Logan’s mother told police she knew stepfather had assaulted him, court hears

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The mother of a murdered five-year-old found dumped in a river admitted to police after four days of questioning she knew his stepfather had beaten him, a court has heard.

Logan Mwangi was found by police in the River Ogmore in Pandy Park, Bridgend, on July 31 2021, a few hundred meters from his family home in Lower Llansantffraid, Sarn.

He had suffered catastrophic internal injuries similar to those found in victims of high speed crashes or a fall from height.

Logan’s mother Angharad Williamson, 30, his stepfather John Cole, and a 14-year-old boy, who cannot legally be identified, are on trial at Cardiff Crown Court accused of murder.

On Thursday, jurors were read transcripts of Williamson’s police interviews, in which she repeatedly insisted she had found Logan’s room empty in the early hours of July 31.

Cole claims Williamson found the little boy dead in his bed and that, after unsuccessfully performing CPR, they made the decision “to get him out of the house”.

Williamson told police over the course of three interviews that she had no idea how her son received his fatal injuries.

She insisted that Cole was a great dad and had never been violent towards her or Logan.

Angharad Williamson on trial at Cardiff Crown Court (Elizabeth Cook/PA)

(PA Wire)

In a final interview on August 4, 2021, Williamson claimed two days before his death Cole had punched Logan several times to the stomach and “sent him flying”.

She added that Cole had goaded the 14-year-old defendant into joining in the attack.

When asked why she was only revealing this now, she replied: “Jay is SAS, he’ll have killed me.”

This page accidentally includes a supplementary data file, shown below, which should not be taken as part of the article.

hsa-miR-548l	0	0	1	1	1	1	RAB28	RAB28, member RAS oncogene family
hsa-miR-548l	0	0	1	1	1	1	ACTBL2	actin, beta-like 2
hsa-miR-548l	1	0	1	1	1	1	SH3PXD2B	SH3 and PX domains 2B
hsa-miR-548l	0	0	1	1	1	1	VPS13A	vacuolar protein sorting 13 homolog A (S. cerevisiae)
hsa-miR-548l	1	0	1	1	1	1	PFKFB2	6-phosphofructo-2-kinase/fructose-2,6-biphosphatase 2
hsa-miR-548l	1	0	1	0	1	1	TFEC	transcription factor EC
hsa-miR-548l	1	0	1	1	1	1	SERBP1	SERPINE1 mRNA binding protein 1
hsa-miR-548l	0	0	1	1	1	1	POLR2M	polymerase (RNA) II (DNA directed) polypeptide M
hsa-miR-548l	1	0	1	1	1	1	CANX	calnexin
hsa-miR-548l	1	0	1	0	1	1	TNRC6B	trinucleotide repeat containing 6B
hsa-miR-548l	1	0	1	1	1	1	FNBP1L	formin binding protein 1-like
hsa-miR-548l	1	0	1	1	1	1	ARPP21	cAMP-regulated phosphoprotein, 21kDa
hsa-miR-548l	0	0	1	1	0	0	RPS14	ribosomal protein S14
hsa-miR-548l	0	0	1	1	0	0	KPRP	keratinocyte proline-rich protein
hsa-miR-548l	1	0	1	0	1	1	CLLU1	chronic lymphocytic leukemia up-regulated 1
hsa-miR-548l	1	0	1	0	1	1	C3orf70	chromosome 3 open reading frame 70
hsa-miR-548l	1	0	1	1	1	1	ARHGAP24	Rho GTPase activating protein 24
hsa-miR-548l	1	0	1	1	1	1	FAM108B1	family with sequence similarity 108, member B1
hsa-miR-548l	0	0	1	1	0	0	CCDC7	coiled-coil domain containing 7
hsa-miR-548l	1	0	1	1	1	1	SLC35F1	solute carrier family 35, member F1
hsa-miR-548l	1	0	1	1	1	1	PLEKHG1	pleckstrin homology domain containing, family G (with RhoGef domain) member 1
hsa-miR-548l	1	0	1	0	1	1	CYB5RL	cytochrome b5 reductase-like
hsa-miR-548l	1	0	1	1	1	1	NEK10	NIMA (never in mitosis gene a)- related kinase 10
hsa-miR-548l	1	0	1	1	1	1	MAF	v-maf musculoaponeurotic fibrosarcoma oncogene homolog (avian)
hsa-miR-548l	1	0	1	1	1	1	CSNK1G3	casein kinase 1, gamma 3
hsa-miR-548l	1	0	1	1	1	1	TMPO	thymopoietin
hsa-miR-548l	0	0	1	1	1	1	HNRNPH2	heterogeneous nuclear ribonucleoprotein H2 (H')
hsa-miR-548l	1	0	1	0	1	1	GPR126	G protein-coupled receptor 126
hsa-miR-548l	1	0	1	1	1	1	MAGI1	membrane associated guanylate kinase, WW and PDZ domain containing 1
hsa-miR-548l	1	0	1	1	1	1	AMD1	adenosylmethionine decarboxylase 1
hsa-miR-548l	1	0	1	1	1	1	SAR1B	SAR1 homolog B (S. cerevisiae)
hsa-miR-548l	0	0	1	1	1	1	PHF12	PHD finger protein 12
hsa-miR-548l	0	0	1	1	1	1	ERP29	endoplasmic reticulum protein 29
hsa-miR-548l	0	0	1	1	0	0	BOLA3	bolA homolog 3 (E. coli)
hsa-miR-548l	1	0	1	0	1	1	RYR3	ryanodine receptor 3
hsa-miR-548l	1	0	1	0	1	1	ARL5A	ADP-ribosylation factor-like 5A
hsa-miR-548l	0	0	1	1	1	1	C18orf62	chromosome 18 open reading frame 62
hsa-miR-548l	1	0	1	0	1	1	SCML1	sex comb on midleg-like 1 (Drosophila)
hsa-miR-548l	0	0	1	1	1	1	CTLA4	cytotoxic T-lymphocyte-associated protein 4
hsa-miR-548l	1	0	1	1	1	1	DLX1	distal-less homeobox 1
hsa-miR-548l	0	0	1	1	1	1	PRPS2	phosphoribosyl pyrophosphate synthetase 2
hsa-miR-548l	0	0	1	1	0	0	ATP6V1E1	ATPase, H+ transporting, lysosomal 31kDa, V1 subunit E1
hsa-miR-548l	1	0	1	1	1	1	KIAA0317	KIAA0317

She added: “His parents were the founding members of the SAS, I could never leave him, he told me if I ever left him he would have killed me.

“I’m terrified of him.”

When pressed on her previous lies by interviewing officer Detective Sergeant Christian Burt, Williamson replied: “What part of ‘I’m scared, this man is in the SAS’ don’t you understand?”

She claimed that after punching Logan three or four times, Cole had lifted the little boy’s t-shirt up to see the bruise and remarked “that’s a good one”.

Williamson told police: “(Logan) wasn’t crying, he was just standing there and he took it, I was mortified I didn’t take him straight to hospital.”

She added that she initially thought Logan might have run away in the wake of the assault.

Williamson said that after the attack on Logan, Cole had turned to the youth defendant and told him to “sweep” him if the victim were to “flinch one more time when I am trying to talk to him.”

The defendant claimed she had checked Logan over and claimed he had only suffered some red marks as a result of the two assaults.

Cole and the youth defendant were caught on CCTV leaving the flat around 2.45am on July 31, Cole was filmed carrying something in his arms, which he later admitted was Logan’s lifeless body.

During this time, a light can be seen switching on and off in the kitchen, which the prosecution said proves Williamson was awake and knew what had happened to her son.

Williamson claimed that the switch got stuck sometimes, and repeated that she had been asleep throughout.

When pressed, she responded: “I was not awake, I did not switch the light off, if I was awake I could have saved Logan, how many times do I have to tell you?”

Williamson and the youthful murder and perverting the course of justice.

Cole denies murder but admits perverting the course of justice.

Cole and Williamson are also charged with causing or allowing the death of a child.

The trial continues.

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www.independent.co.uk

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George Holan

George Holan is chief editor at Plainsmen Post and has articles published in many notable publications in the last decade.

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